Overturn Citizens United (2019 AJR11/ SJR9) - Join the national movement to help overturn the disastrous U.S. Supreme Court ruling in Citizens United v. FEC (2010), which stated that corporations and other groups can spend unlimited amounts of money to support (or trash) specific candidates. Twenty states are already on board for amending the U.S. Constitution to proclaim that corporations aren’t persons and money isn’t speech. Let’s bring Wisconsin on board, too. Contact your legislators and urge them to support AJR11/ SJR9, calling for such a statewide referendum. Read more here. And urge your community to pass a resolution in favor of this constitutional amendment, as more than 140 communities in Wisconsin have already done. Read more about these local efforts here.
Limit Individual Donations to PACs, Parties, and LCCs (2019 Senate Bill 75) – The disastrous rewrite of Wisconsin’s campaign finance law in 2015 tore down the ceiling on how much (rich) individuals could give to PACs, political parties, and legislative campaign committees (LCCs). Whereas before, individuals could not give more than $10,000 in total political spending during an election cycle, now (rich) individuals can give unlimited amounts of money to PACs, political parties, and LCCs. The proposed bill would not allow individuals to give more than $10,000 to any PAC, political party or LCC. Contact and tell your legislators to support SB75, which would put a ceiling on the amount individuals can give to these groups.
Limit Individual Donations to Candidates (2019 Senate Bill 76) – The 2015 rewrite also doubled the amount of money that (rich) people could give directly to candidates. Now, if you can afford it, you can write a check for $20,000 each to your favorite candidate for governor, lieutenant governor, Wisconsin Supreme Court, secretary of state, state treasurer, attorney general, and superintendent of public instruction. This is a ludicrously high limit and it’s totally out of whack with federal limits. For instance, the most you can give to a candidate for President of the United States is $2,700. We need to impose a much lower ceiling on individual gifts, so that everyone can participate and have their voices heard. And at a bare minimum, Wisconsin should revert to its old limit, which was half as high. Contact and tell your legislators to support SB76, which would reestablish those old limits.
Limit Special Interests Donations (2019 Senate Bill 77) – The 2015 rewrite also roughly doubled the amount that PACs could give to candidates. Before, the most a PAC could give a candidate for governor was $43,128. Now a PAC can give $86,000 to such a candidate. The proposed bill would reduce by half the current limits on what PACs can give candidates. Contact and tell your legislators to support SB77, which would reduce the influence of PACs.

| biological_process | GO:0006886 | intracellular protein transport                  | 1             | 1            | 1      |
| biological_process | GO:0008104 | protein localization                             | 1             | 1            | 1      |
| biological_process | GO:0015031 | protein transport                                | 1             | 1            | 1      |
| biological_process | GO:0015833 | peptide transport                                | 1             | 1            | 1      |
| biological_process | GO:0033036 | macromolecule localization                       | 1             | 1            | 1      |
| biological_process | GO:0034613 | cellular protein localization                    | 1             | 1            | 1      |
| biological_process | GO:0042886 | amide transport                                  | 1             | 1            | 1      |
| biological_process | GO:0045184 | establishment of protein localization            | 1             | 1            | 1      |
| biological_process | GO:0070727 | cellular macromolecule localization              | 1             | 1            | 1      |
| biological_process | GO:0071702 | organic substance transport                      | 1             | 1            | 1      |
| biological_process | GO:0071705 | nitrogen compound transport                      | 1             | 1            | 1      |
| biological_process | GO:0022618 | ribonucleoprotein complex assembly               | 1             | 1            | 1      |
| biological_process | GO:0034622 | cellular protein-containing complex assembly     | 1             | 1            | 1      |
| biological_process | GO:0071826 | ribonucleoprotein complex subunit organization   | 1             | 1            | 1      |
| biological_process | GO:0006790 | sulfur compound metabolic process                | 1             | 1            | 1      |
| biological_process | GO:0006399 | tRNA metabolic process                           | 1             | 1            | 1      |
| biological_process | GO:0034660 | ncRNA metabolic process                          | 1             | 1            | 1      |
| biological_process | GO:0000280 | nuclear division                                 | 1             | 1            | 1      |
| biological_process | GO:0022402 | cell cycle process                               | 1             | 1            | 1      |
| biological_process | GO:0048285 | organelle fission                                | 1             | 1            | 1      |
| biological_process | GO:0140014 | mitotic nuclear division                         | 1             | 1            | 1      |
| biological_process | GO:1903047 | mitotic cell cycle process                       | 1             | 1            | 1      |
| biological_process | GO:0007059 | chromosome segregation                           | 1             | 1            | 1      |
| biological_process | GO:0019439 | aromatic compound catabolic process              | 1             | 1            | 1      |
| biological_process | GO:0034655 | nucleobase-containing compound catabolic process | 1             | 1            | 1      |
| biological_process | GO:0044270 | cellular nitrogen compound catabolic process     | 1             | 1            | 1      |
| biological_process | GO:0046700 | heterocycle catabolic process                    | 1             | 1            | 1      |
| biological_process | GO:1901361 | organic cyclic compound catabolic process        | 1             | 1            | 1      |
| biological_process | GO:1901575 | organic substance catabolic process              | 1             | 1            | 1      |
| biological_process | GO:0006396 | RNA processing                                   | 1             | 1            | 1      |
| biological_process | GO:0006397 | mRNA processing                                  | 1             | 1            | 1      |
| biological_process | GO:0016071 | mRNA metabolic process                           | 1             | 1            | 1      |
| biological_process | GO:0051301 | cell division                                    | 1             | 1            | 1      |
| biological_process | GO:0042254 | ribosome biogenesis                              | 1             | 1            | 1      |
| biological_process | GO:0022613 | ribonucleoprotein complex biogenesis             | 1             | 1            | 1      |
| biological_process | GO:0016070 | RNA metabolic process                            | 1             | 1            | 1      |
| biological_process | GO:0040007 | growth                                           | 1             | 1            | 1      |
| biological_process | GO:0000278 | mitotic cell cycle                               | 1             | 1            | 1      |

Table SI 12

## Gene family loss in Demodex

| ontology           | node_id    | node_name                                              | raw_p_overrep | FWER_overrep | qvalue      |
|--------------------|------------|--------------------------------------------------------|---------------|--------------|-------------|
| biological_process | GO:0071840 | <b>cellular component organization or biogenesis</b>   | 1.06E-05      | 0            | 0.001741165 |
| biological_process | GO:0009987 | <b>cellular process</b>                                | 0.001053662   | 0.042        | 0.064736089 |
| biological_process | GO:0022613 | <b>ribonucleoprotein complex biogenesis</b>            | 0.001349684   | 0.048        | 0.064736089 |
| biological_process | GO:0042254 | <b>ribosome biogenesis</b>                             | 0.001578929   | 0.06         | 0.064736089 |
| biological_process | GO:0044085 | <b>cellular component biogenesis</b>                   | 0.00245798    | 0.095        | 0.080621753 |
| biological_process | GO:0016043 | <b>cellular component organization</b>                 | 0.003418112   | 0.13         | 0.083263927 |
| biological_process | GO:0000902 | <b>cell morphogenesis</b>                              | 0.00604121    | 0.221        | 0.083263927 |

Close the PAC Loophole (2019 Senate Bill 78) – The 2015 rewrite contained a loophole that allows some national PACs from registering with the state of Wisconsin and from disclosing their donors. Before, any PAC that was spending money in Wisconsin during an election had to register with the state and disclose its donors. But the 2015 law said that PACs that don’t spend more than 50% of their total spending in Wisconsin don’t have to register with the state. So big national PACs, like the Wal-Mart PAC or the NRA PAC, no longer have to register and reveal their donors. The proposed bill would close that loophole by defining a PAC as a committee that spends more than $1,000 in Wisconsin in a 12-month period on expenditures for express advocacy or any other aforementioned purposes. Contact and tell your legislators to support SB78, which would require all PACs spending $1,000 or more in Wisconsin to register and disclose their donors.
Restrict Coordination between Candidates and Outside Groups (2019 Senate Bill 79) – The 2015 election law permits coordination between candidates and “issue advocacy” groups. This makes a mockery of the limits on individual donations and on the requirement that donations be disclosed. For instance, if I’m running for governor, and I have a billionaire friend, I’m going to tell that friend that I don’t even want his $20,000 direct donation, which my campaign committee would have to disclose. No, I’ve got a better idea. I’d tell my friend to give a $2 million donation to some bogus “issue advocacy” group with a benign name, like Badgers for Eternal Victory (BEV). And I’d then tell BEV what ads to run and where to run them, so it would be just as if my billionaire friend gave my campaign the $2 million, which is 100 times the legal limit. And the kicker is, no one would ever know about it because BEV doesn’t have to disclose the donation.